Stress is a common occurrence in everyday life and repeated or traumatic stress can be a precipitating factor for illnesses of the central nervous system, as well as peripheral organ systems. For example, severe or long-term psychological stress can not only induce depression, a leading illness worldwide, but can also cause psychosomatic diseases such as asthma and rheumatoid arthritis. Related key questions include how psychological stress influences both brain and peripheral systems, and what detection mechanisms underlie these effects? A clue is provided by the discovery of the pathways underlying the responses to host "danger" substances that cause systemic diseases, but can also contribute to depression. The inflammasome is a protein complex that can detect diverse danger signals and produce the accompanying immune-inflammatory reactions. Interestingly, the inflammasome can detect not only pathogen-associated molecules, but also cell damage-associated molecules such as ATP. Here, we propose a new inflammasome hypothesis of depression and related comorbid systemic illnesses. According to this hypothesis, the inflammasome is a central mediator by which psychological and physical stressors can contribute to the development of depression, and as well as a bridge to systemic diseases. This hypothesis includes an explanation for how psychological stress can influence systemic diseases, and conversely how systemic diseases can lead to psychiatric illnesses. The evidence suggests that the inflammasome may be a new target for the development of treatments for depression, as well as psychosomatic and somato-psycho diseases.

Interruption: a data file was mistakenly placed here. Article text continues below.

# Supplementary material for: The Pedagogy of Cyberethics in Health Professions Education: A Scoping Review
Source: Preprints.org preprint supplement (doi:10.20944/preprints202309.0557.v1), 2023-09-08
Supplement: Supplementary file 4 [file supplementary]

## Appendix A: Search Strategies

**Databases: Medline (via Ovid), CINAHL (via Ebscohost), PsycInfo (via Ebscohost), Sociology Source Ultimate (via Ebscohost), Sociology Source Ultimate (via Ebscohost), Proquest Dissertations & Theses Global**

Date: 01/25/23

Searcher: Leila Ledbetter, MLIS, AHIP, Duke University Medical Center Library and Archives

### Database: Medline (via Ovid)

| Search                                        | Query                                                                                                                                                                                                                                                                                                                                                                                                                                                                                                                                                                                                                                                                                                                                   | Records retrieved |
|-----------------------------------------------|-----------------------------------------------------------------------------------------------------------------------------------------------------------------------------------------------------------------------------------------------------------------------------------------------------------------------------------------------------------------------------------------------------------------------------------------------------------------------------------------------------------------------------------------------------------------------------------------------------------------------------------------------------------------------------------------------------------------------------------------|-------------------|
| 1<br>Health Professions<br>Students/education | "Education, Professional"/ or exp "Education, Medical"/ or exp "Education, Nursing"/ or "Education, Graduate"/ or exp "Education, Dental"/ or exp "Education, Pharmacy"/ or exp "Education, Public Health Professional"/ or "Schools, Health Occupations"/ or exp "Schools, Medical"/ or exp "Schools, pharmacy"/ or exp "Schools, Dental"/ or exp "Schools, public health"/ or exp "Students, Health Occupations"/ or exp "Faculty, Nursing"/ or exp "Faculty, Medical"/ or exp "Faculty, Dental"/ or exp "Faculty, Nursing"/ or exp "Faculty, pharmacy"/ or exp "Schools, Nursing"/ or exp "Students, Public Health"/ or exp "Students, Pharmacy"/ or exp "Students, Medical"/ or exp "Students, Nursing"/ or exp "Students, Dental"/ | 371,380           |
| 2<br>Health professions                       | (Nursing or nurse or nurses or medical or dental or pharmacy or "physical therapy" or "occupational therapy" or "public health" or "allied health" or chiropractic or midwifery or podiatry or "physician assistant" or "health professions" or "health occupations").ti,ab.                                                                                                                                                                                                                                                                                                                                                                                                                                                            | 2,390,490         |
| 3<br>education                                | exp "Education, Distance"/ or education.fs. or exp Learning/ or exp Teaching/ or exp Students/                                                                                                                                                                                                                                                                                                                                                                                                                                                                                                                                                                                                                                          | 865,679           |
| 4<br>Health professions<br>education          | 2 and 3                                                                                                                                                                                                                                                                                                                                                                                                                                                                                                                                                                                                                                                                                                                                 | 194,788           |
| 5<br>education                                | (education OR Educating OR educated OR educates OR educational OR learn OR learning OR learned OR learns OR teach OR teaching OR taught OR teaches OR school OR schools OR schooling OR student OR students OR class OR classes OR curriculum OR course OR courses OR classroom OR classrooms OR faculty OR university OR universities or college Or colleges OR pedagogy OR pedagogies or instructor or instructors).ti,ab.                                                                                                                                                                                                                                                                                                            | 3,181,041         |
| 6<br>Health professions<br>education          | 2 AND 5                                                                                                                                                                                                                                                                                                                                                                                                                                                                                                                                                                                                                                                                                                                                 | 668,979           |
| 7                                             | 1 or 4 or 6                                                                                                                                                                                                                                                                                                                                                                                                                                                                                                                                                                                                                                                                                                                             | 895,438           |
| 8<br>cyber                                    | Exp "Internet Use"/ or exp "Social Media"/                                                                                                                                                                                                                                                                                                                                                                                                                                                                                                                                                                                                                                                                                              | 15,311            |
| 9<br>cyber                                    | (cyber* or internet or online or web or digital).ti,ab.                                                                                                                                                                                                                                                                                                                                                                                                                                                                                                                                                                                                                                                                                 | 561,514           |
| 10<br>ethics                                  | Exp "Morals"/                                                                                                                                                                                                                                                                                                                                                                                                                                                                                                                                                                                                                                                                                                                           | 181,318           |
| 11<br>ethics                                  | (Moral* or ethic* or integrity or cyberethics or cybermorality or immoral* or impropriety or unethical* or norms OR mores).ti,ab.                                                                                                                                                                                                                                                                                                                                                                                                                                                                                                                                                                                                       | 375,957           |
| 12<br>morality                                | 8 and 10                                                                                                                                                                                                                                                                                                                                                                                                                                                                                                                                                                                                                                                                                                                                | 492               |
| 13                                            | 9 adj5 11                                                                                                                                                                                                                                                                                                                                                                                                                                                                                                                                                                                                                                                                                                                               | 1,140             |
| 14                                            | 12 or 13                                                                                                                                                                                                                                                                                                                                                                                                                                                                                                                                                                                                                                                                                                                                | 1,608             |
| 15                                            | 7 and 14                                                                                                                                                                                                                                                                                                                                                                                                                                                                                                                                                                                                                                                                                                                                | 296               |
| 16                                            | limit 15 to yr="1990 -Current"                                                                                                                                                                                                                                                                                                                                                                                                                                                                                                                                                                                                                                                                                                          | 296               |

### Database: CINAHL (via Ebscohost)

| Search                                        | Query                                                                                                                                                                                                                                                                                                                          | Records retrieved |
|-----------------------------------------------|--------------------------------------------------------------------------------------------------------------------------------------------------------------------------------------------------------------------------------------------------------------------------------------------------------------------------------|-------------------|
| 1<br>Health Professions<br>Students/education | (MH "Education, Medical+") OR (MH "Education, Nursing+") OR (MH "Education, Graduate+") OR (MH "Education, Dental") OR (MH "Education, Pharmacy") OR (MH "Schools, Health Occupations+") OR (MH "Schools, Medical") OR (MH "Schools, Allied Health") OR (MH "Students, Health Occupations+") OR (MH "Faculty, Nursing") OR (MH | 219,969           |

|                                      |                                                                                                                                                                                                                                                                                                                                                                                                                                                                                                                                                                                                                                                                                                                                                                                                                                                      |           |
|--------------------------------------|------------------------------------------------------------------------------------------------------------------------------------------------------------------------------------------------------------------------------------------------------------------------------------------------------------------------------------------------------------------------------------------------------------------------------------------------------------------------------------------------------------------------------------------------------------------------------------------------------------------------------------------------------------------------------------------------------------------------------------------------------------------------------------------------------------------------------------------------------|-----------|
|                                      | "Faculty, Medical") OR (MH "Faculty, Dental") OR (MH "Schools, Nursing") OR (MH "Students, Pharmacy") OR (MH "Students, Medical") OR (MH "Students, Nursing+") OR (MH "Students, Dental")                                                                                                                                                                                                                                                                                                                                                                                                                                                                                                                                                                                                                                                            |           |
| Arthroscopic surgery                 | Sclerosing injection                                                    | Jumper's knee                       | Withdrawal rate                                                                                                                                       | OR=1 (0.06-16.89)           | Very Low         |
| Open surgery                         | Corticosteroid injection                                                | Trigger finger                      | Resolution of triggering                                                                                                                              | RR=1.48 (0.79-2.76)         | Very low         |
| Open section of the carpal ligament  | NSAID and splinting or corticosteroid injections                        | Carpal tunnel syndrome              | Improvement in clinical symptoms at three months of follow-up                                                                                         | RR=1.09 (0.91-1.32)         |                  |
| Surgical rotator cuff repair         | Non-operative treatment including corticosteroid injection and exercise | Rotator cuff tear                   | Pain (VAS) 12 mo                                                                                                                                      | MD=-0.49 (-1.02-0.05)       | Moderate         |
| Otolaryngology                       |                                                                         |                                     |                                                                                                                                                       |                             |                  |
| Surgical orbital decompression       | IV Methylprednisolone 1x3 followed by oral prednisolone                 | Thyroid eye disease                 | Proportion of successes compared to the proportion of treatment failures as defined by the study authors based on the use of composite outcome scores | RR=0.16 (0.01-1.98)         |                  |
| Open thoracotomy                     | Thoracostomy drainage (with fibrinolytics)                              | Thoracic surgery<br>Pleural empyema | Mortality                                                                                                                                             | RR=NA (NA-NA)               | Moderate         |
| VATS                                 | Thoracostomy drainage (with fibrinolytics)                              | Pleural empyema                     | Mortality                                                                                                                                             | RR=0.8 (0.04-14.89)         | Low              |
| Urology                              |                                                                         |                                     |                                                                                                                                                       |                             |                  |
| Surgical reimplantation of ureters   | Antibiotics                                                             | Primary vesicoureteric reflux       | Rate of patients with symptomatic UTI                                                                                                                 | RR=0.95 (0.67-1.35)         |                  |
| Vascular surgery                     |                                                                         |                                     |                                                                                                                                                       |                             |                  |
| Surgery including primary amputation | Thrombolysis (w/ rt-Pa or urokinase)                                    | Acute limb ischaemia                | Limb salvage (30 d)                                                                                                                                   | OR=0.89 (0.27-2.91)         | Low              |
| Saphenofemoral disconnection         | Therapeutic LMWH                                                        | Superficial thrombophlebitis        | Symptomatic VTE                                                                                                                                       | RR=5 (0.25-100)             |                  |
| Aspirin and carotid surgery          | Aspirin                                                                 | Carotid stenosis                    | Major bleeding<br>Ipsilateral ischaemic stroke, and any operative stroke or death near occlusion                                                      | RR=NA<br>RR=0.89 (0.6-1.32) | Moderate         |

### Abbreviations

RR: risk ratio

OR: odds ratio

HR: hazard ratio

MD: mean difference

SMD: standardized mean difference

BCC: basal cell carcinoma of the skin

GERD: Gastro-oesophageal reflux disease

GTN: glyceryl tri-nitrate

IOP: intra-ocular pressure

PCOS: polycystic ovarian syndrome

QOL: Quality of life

Copyright © 2012 Elsevier Inc. All rights reserved.